Mad Maud has a thing about James Garner. It’s an obsession that sits nicely alongside all her other ones, gets us doused in weekly bouts of The Rockford Files and Maverick, and the occasional afternoon of filmic joy. The Great Escape is an oldie but goodie, with a nice turn by JG, but nothing really insightful for Generation Zimmer. The Notebook on the other hand, using dementia as its frame, teases us with an aged JG reading a love-story to a tangibly forgetful Gena Rowlands…
And the love story is peopled by sharp-jawed and boyish Ryan Gosling (Noah) and the passionate and pretty Rachel McAdams (Allie). So…guess who JG and La Rowlands are playing, pootling about the lawns of the care home a lifetime later?
Maud was disappointed by the film as it didn’t spend a lot of time with the oldsters. Sure there are lovely scenes of Garner explaining what he is reading to Rowlands from his notebook, her remembering for a moment, forgetting, then hearing the story all over again. The truth isn’t so much hidden in plain sight as shouted at you from minute 1. Indeed, the meat of the story is spent in the past, a long time before Alzheimer’s comes to destroy things, and is pretty damned linear. How else could we get to the care home?
Of yesteryear, things are brightly lit and kinda lovely. Allie is a rich kid; Noah is a determined poor one. He catches sight of her and pursues love with boyish charm – from dangling off a Ferris wheel until she agrees to a date to pretty much every other scene they share. Noah is set on fixing up an old house that stands as a symbol of his hopes: roughly treated but they get there. Allie is barged out-of-town and into other loves by a snobby family – and is something of a bitch in her treatment of monied beau Lon Hammond played by the less sharply jawed James Marsden. A chance re-encounter with newly bearded Noah and off rushes Allie, away from her engagement, to a second summer of love. Only this time there’s full-on rumpity-pumpity and breaking of hearts.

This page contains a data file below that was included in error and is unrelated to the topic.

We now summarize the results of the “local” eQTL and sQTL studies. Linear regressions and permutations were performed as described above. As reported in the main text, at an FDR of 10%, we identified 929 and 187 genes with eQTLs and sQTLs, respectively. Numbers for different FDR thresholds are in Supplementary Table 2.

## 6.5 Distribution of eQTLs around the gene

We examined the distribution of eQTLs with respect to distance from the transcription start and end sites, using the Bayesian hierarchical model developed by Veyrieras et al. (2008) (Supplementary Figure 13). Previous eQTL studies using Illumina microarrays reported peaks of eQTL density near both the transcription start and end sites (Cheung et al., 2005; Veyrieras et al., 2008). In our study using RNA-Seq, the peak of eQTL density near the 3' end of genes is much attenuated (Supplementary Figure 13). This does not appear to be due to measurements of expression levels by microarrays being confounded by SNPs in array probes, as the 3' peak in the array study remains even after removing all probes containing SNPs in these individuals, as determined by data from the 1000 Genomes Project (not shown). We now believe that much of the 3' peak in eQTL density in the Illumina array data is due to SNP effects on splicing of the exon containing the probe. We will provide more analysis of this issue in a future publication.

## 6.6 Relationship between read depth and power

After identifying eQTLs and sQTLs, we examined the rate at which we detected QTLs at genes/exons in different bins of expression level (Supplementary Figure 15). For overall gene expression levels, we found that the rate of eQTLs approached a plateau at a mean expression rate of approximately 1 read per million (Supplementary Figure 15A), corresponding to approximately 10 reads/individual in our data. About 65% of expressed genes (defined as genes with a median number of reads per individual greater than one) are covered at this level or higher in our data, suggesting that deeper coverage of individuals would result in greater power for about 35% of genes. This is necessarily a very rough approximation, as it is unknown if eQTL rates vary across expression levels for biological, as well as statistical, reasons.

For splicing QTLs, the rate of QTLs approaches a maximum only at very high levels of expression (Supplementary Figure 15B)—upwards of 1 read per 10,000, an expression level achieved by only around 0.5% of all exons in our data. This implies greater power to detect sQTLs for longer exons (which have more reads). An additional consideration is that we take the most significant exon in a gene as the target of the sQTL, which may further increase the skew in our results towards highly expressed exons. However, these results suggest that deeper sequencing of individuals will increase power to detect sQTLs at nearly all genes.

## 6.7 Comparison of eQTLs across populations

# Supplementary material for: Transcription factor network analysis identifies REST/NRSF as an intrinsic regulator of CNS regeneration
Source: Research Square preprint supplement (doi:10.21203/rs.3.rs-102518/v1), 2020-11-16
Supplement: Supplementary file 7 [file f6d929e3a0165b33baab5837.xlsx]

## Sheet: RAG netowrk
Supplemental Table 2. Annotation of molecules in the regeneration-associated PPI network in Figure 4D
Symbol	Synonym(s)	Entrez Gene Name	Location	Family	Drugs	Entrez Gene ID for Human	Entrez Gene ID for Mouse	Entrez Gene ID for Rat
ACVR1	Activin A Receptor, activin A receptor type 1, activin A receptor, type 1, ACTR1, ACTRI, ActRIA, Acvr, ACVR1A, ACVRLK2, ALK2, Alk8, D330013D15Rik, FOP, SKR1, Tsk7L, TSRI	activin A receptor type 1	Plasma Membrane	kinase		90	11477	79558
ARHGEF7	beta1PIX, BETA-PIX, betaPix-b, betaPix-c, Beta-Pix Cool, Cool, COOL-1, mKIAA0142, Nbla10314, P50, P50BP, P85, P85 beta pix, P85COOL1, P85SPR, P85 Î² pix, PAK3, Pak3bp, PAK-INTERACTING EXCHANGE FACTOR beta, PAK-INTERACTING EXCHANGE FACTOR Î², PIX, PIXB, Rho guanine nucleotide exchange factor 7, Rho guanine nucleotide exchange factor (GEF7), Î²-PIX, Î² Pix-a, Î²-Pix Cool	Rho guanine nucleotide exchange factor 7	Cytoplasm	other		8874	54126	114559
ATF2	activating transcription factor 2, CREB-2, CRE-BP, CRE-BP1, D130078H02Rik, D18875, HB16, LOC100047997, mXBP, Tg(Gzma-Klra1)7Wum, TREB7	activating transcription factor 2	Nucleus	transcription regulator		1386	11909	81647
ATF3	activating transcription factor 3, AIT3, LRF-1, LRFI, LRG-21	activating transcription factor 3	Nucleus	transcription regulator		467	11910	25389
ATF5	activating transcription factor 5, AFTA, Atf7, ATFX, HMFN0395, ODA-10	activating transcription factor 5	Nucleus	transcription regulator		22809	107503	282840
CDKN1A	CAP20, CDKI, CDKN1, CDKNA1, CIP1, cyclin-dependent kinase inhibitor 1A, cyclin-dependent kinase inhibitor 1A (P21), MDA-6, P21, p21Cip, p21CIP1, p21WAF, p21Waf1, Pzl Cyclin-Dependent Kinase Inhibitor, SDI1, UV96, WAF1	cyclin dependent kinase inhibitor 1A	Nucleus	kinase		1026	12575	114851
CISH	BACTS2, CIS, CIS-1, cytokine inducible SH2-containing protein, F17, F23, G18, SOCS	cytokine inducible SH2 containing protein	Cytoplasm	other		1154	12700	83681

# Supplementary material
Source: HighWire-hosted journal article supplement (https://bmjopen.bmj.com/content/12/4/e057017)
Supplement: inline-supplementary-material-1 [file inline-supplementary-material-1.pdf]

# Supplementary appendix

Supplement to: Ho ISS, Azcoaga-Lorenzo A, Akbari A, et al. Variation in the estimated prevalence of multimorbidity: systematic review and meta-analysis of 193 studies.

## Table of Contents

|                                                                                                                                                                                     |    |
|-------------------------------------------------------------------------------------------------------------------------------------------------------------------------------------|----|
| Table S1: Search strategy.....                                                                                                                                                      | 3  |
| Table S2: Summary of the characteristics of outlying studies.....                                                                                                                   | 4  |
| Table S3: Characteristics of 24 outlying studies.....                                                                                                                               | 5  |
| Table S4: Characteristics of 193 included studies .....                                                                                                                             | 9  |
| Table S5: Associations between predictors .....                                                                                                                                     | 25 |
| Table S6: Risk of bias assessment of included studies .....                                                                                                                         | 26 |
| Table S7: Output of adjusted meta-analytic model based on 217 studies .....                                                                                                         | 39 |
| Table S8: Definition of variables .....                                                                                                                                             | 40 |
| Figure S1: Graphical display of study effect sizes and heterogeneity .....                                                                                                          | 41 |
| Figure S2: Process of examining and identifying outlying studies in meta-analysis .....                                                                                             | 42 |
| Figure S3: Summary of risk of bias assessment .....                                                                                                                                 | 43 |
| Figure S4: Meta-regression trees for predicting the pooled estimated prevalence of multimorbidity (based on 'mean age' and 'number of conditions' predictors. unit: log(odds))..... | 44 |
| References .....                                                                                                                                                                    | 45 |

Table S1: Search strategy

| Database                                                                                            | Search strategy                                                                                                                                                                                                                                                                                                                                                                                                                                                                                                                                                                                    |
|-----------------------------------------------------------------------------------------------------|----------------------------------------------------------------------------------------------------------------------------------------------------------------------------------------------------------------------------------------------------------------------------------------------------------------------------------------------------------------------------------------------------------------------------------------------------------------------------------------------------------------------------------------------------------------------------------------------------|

Yesteryear is lovely, surprise-free, and made pleasant by emotionally-charged performances. Nearly. A crisis scene, full of “but, Allie, what do you want” pleadings from Gosling’s Noah, goes way too far. We see pretension rather than character for the best part of five minutes…you’ll be pulled right out of the film. Okay, I was. Mad Maud was cursing the lack of Garner.
SPOILERS for the stupid… And then back to the forgetful present, poor old Allie and poor supportive old Noah. And a manipulative, Alzheimer’s-as-plot-point ending that manages to be touching, obvious and dull. Garner gives a terrific performance, simple and real, funny and knowing, which goes some way to compensate for the film’s apparent message: youth is challenging and sexy; old age is awful and sooooo saaaaaaaad.
Okay – The Notebook is two watchable films stapled together. Neither are much more than mini-series fare of the 1980s. Neither yanked much in the way of emotion from old Jack or – Rockford yearnings aside – from Maud. The young cast – all pretty and in love – are as watchable as the old. Gosling and McAdams are plainly on their way, career-wise. Rowlands gives good lost soul; Garner gives good star-at-work. And…that’s it, really.
Watch this on a sunny afternoon, when you need a bit of a fantasy wrapped around the awfulness of dementia. Where Remember (2015) slapped you with its misuse of the disease, The Notebook tickles you with coincidence and improbabilities, a certain quaint Americana and the great lie that love can be remembered through a disintegrating mind.
Get thee to Netflix.